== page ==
The FCC IS Finalizing Its Plan to Subsidize Broadband for the Poor
The plan is meant to close the digital divide and address the “homework gap.”
The Federal Communications Commission released a plan Tuesday to overhaul its low-income subsidy program Lifeline to include broadband internet, marking a new effort to close the digital divide for the millions of Americans who still don't have a home internet connection.
The proposal calls for a $9.25 monthly subsidy for broadband services, the first extension into internet for Lifeline, a $1.5 billion program created in 1985 subsidizing telephone services for low-income Americans that was last updated in 2005 to cover mobile phones.
Under the new overhaul, Lifeline-eligible Americans will be able to use the subsidies for broadband internet, phone services, or both.
FCC Chairman Tom Wheeler has spoken in the past of the importance of a Lifeline expansion into internet, citing more than 64 million Americans "living on the wrong side of the digital divide," the majority of them citing cost as the biggest hurdle to access.
At least 5 million Americans with school-aged children do not have internet at home, and as education and schoolwork increasingly move online, children in these families struggle with the so-called "homework gap," seeing lower grades on assignments and exams due to lack of internet access.
The current version of the plan expands the budget to $2.25 billion a year with provisions to adjust for inflation in the future, an increase that would allow subsidies to reach 5 million more consumers, though officials do not expect that many to immediately join the program. The FCC officials noted that only 40 percent of the 40 million eligible households are currently taking advantage of the Lifeline program currently.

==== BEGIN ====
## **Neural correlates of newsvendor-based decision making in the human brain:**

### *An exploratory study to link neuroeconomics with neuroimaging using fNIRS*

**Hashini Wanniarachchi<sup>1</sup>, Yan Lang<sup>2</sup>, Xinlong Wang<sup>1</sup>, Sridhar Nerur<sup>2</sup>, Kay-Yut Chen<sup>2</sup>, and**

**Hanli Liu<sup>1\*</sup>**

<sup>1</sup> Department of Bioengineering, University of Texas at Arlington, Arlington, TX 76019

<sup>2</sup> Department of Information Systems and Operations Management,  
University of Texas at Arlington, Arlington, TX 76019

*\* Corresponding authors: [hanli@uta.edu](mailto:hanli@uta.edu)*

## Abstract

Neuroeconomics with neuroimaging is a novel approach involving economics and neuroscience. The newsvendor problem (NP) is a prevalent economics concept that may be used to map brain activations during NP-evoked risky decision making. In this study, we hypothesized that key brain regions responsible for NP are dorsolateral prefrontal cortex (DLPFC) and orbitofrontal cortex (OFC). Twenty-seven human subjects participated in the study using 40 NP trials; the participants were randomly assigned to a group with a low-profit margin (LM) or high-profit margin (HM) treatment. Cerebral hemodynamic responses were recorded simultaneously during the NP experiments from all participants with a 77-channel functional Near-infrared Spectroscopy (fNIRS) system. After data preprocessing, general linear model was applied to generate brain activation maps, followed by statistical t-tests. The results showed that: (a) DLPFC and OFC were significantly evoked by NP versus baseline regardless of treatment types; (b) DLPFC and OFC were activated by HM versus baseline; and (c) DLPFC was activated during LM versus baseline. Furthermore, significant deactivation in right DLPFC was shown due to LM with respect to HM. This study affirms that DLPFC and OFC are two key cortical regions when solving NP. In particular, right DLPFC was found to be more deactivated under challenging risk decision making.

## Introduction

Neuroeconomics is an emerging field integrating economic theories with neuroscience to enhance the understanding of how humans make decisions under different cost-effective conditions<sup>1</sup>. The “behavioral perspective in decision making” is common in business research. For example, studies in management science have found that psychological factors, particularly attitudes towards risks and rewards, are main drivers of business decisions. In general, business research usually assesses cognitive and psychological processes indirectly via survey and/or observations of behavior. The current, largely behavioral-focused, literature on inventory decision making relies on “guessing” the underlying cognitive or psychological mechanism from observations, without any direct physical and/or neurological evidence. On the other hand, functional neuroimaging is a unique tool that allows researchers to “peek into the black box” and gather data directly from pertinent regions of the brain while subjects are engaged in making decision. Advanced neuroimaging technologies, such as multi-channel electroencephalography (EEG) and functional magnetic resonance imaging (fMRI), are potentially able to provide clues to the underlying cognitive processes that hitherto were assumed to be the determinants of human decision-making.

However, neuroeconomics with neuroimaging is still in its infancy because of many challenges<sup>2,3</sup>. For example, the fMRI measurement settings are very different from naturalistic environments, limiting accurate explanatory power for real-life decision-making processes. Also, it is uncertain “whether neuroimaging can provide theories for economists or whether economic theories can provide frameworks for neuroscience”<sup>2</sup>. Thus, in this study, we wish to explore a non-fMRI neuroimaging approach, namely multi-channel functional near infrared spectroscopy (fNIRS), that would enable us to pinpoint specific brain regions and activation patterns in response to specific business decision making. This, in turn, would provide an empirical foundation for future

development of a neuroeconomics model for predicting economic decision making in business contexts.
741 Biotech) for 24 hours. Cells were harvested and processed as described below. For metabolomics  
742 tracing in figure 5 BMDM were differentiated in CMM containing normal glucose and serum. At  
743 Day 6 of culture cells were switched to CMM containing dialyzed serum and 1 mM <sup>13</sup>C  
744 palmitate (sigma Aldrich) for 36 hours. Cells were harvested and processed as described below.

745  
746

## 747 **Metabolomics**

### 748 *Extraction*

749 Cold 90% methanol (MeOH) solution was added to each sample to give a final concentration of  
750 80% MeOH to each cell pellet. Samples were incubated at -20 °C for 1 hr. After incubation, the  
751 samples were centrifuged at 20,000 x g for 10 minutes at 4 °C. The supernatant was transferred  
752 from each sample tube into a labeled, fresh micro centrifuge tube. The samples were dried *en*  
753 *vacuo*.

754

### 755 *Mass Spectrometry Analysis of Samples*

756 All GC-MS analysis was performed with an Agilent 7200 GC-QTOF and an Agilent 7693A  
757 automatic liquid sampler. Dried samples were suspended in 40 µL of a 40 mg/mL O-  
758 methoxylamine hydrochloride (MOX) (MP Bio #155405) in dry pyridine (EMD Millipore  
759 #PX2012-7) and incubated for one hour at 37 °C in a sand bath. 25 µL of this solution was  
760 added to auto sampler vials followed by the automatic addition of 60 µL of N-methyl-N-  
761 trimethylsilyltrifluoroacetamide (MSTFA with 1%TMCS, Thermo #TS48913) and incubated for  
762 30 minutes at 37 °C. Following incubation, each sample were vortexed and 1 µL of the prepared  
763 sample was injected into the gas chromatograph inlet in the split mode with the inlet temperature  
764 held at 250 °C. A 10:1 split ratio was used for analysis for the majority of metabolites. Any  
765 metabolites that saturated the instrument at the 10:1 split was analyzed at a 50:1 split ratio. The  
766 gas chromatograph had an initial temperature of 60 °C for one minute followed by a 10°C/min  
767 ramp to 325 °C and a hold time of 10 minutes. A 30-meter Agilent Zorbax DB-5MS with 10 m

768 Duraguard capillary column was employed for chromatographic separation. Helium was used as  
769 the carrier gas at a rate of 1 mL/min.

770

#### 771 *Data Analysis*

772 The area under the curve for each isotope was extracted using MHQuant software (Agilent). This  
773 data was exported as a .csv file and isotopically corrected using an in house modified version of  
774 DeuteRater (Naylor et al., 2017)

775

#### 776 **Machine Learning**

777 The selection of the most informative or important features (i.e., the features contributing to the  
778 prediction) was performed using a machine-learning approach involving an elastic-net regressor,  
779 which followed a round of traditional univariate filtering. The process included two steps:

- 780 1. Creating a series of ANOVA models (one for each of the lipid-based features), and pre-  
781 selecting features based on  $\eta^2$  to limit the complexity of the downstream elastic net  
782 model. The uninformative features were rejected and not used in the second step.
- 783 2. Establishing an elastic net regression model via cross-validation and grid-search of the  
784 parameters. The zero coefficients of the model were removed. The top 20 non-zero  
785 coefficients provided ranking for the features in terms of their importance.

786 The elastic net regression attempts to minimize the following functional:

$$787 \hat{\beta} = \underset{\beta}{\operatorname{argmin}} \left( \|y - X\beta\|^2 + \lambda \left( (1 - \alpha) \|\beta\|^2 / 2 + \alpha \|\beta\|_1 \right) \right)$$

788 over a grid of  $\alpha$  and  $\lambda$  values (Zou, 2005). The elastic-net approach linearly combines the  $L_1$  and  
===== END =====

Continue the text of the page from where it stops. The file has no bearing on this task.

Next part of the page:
In the months leading up to the overhaul, Republican politicians have called the program a source of "significant waste, fraud, and abuse," with some calling on the FCC to end the program altogether.
"Given the significant problems with Lifeline, it is not surprising that many have lost confidence in the program," a letter from Republican Commissioner Michael O'Rielly and Rep. Marsha Blackburn (R-TN) wrote in July, suggesting, among other measures, a spending cap for the program. O'Rielly doubled down on this sentiment in a blog post on March 3, calling for a hard budget cap on the program.
However, Public Knowledge counsel Phillip Berenbroick told Motherboard that advocacy groups worry a spending cap could lead to people in need being turned away in the future.
"Most of us who have been working on this program have real heartburn for there being a cost control aspect of it, because you never know when there is going to be a natural disaster or an area where you need more money in the program," he said. "A Katrina or Sandy kind of disaster could blow holes in the budget, you never know when you're going to have a crisis."
The FCC sought to address some of the criticisms of the program by proposing new checks and balances, including a third party National Eligibility Verifier to vet applicants, a process that was previously the responsibility of the mobile providers themselves. FCC officials said they believe this provision will cut costs for participating suppliers and incentivize more to participate.
The program will also eventually shift to be broadband-centric, lowering standalone mobile voice call subsidies yearly and eliminating them completely by December 2019. It will have a speed standard of 10 Mbps downloads/1 Mbps uploads and will increase minimum standards of mobile data plans over the next few years.
"Now is the time for Lifeline to address that broadband affordability gap," a senior FCC official said in a press call on Tuesday. "Every day the transformation is delayed is a day low-income consumers are denied the opportunities that broadband access provides, from jobs to education, government services, healthcare, and much more."
The FCC will vote on the plan on March 31.